THE ATTORNEY General for the Navajo Nation has issued a heartfelt ‘thank you’ for the outpouring of support from Irish people and people of Irish descent donating essential funds to Native American tribes affected by the coronavirus pandemic.
As of Monday, May 11, the Navajo Nation, the most populous Native American reservation in the US, had reported 3,204 confirmed cases of coronavirus along with 102 deaths.
It was estimated to have had more COVID-19 cases per capita than any other state in the US.
The Navajo Nation and Hopi reservation are what is termed as "extreme food deserts" with a third of people unable access to running water and a high number of residents also falling into the at-risk category.
To combat this, this a relief fund was set up online by local volunteers to help supply food, PPE and other essential items to the people of these tribes.
Donations have been flooding with Irish people and people of Irish descent chief among those to show their support for the Native American reservations as a way of repaying a 173-year-old favour.
It all goes back to 1847, when Ireland was gripped by 'the great hunger', and Native Americans were struggling to rebuild their lives after suffering through the Trail of Tears.
Incredibly, despite their own suffering, the Choctaw Nation tribe raised and sent $170 (an estimated $5,000 today) to Ireland for relief aid, and a monument was erected in County Cork decades later as a mark of respect, gratitude and solidarity.
It’s a gesture the Irish have not forgotten, with one Irish donor, Pat Hayes, writing on the GoFundMe page: “From Ireland, 170 years later, the favour is returned! To our Native American brothers and sisters in your moment of hardship.”
It’s a gesture that has profoundly impacted Navajo Nation Attorney General Doreen McPaul, who serves as the Donation Branch Chief of the Navajo Nation’s Health Command Center.
Speaking in a video message saying thank you to those who donated, she explained she is “especially proud of this response because of my own Irish heritage.”
Both of Ms McPaul’s grandfathers are Irish, and her father, who was raised on the Navajo reservation, is a dual citizen of Ireland and the US.
“Our Irish family roots are in both Co Armagh and Co Laois,” McPaul said, “and the Hobsons in Ireland of Quaker stock were deeply committed to Irish culture through the GAA and the Gaelic League.”
McPaul’s sister, even studied in Ireland and is married a Co Clare native, Jason Ryan.
“We are very proud of dual heritage,” McPaul said.
“There are many similarities between our cultures, including our love of the land, our language, our songs, our dance, our sports, our people, and our history. Many parts of Ireland are actually very similar to the Navajo reservation with the vast farmlands and the herds of sheep and cattle. Just as the Irish use sheep wool to make textiles, so do the Navajo.
“We also have a shared history of oppression. During the Irish Famine, when the Choctaw Nation sent money to the Irish despite their own struggle, that gesture has become a symbol of paying it forward, and the Irish are paying it forward to the Navajo Nation.
“I just want to say thank you for the Irish support and for the donations to the Nation. I also want to thank the Irish Cultural Center of Arizona, and the US - Irish Consulate, for their continued support and for helping spread the word about the Navajo Nation’s COVID-19 relief effort at Navajo.fund.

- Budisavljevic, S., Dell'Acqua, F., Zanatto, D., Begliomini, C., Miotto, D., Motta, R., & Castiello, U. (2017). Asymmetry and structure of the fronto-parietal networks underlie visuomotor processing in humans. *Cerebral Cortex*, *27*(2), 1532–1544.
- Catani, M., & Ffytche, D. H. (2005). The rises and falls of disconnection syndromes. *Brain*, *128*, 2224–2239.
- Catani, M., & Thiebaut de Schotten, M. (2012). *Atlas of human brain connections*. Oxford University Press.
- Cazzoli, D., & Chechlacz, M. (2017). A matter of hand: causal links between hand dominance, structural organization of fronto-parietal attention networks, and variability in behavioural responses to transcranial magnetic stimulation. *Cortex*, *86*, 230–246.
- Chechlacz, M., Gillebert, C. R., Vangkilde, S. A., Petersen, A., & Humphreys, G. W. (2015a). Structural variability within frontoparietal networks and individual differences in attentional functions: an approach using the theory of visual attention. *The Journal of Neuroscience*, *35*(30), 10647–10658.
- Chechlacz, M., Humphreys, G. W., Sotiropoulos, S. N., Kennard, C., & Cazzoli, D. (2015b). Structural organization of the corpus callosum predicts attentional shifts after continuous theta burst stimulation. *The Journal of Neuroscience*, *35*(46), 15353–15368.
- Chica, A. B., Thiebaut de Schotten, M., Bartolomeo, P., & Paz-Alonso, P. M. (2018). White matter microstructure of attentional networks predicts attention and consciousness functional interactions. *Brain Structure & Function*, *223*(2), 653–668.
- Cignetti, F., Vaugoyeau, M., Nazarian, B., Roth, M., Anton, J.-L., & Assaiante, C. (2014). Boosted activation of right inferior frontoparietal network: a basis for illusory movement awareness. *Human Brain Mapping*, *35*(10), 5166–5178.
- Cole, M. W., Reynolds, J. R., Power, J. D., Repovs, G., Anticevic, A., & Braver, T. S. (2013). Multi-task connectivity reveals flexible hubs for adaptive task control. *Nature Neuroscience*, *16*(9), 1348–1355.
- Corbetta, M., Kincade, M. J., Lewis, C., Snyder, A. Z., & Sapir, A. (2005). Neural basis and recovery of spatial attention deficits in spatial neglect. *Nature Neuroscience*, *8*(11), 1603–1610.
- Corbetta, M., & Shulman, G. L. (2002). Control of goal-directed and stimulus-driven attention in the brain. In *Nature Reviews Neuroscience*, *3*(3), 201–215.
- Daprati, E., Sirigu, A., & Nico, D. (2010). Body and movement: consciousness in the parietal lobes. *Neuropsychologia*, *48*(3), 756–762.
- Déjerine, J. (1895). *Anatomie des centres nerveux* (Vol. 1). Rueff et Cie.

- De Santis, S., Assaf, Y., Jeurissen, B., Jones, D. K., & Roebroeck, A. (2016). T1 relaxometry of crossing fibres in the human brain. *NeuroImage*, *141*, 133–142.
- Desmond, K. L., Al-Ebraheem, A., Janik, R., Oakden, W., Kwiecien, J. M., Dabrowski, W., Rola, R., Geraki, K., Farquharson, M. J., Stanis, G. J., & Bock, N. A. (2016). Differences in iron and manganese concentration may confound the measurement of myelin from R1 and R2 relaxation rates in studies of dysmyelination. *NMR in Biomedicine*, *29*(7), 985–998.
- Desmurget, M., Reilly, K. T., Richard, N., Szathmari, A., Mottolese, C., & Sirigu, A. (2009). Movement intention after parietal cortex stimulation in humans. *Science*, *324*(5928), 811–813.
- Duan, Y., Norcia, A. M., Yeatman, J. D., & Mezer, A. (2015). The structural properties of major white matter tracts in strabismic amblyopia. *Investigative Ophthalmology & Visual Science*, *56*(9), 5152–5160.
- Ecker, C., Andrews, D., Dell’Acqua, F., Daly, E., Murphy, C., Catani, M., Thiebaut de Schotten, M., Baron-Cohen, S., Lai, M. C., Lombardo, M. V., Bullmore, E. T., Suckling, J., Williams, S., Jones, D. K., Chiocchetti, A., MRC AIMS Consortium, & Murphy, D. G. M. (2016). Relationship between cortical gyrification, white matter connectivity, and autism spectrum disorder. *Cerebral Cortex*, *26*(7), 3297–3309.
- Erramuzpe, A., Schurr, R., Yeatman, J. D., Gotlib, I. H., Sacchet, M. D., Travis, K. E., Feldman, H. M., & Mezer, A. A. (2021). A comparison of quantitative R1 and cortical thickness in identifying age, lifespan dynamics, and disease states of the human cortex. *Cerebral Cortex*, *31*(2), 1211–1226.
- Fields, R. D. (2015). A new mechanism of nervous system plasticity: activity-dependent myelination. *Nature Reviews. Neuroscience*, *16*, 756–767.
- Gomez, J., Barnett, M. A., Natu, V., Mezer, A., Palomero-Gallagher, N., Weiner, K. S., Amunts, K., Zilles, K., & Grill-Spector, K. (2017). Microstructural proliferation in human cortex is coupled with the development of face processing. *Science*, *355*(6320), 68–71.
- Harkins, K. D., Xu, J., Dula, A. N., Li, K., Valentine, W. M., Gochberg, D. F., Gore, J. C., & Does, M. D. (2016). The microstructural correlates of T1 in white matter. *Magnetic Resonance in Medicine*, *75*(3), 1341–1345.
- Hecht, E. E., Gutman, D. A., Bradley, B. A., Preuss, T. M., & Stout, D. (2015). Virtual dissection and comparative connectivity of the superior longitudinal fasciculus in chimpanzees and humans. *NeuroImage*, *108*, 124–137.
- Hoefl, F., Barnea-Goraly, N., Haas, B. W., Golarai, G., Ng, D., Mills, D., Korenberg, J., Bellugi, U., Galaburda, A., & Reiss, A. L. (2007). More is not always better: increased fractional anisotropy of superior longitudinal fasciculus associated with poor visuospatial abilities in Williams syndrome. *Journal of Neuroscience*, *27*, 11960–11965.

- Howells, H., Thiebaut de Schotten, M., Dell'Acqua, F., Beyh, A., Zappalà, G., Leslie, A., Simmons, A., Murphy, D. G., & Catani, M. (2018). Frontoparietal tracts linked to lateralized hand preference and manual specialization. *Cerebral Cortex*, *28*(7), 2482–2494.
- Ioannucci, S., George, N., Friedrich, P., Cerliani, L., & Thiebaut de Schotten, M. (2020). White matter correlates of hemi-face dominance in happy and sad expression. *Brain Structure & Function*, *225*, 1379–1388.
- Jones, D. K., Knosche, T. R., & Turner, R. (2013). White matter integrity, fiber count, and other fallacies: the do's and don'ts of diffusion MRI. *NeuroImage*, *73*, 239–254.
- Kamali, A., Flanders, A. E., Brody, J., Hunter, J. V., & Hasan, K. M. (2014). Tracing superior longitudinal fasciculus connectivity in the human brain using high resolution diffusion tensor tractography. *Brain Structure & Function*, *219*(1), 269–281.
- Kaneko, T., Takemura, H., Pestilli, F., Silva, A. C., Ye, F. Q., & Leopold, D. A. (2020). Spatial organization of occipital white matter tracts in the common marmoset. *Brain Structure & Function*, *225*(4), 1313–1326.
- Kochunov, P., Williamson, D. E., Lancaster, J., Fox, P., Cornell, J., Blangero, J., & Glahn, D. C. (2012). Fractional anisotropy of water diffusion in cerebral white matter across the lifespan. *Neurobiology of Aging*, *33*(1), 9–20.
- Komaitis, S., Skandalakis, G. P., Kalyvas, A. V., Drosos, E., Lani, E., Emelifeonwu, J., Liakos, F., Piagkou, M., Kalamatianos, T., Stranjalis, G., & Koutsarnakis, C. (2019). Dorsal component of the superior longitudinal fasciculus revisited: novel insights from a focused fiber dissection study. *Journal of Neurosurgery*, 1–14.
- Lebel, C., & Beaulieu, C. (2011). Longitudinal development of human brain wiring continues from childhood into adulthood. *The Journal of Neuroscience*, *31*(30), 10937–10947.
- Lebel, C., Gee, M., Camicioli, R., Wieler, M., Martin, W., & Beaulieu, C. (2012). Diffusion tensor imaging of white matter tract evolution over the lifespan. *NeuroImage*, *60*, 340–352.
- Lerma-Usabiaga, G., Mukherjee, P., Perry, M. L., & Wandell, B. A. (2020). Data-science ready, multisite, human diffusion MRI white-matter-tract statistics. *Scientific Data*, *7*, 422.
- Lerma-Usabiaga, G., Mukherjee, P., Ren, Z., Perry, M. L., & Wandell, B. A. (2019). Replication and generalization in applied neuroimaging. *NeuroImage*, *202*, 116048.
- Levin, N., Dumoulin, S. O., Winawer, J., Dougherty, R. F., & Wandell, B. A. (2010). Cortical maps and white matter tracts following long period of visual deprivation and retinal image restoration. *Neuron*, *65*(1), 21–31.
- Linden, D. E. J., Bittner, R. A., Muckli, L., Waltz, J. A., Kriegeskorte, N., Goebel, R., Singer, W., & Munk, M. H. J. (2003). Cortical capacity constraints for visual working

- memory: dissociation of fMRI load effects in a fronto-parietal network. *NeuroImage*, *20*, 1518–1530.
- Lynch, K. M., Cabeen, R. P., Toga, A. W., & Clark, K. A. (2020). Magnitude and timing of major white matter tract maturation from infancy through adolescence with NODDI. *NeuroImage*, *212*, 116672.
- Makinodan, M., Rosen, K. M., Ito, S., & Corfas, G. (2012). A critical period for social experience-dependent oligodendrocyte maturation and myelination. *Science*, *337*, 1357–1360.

“My hope is that the Navajo Nation will be able to pay it forward in honour of Ireland someday.”
Despite the outpouring of support, Ms McPaul is under no illusions of the challenges facing the Navajo Nation.
Speaking on RTE’s Morning Ireland, she explained: “Because we are remote, and we have issues with infrastructure and water, and multiple generational families living in the same homes, we have people who have high prevalence of disease, and diabetes, and cancer, and things that are not good for the virus."
“There are many households that lack water, electricity. With the current pandemic and people having to stay home to work from home, to do school from home, to do telemedicine from home, we don’t have the broadband capacity for people to maintain their normal lives from home if they don’t have electricity and power or water to wash their hands for 20 seconds at a time.”
Social distancing also represents a major challenge to the Navajo Nation too, according to Ms McPaul.
“It’s not really part of our culture, we are very social beings and communal beings. We take care of not just our families in our household, but our extended families in our communities, and the Nation at large.
“Separating somebody if you live in small quarters, it just isn’t feasible. And not having access to the necessary cleaning supplies to keep a home disinfected is a challenge for some of our communities. And then just not having the access to water to keep your hands clean is problematic as well.”
“It’s beyond amazing, the outpouring of support has been heartwarming,” Ms McPaul said. “It almost brings me to tears just to think about it.”
Anyone wishing to donate to the Official Navajo Nation COVID-19 Relief Fund can do so here.
Alternatively, donations to the Navajo & Hopi Families COVID-19 Relief Fund can be made here.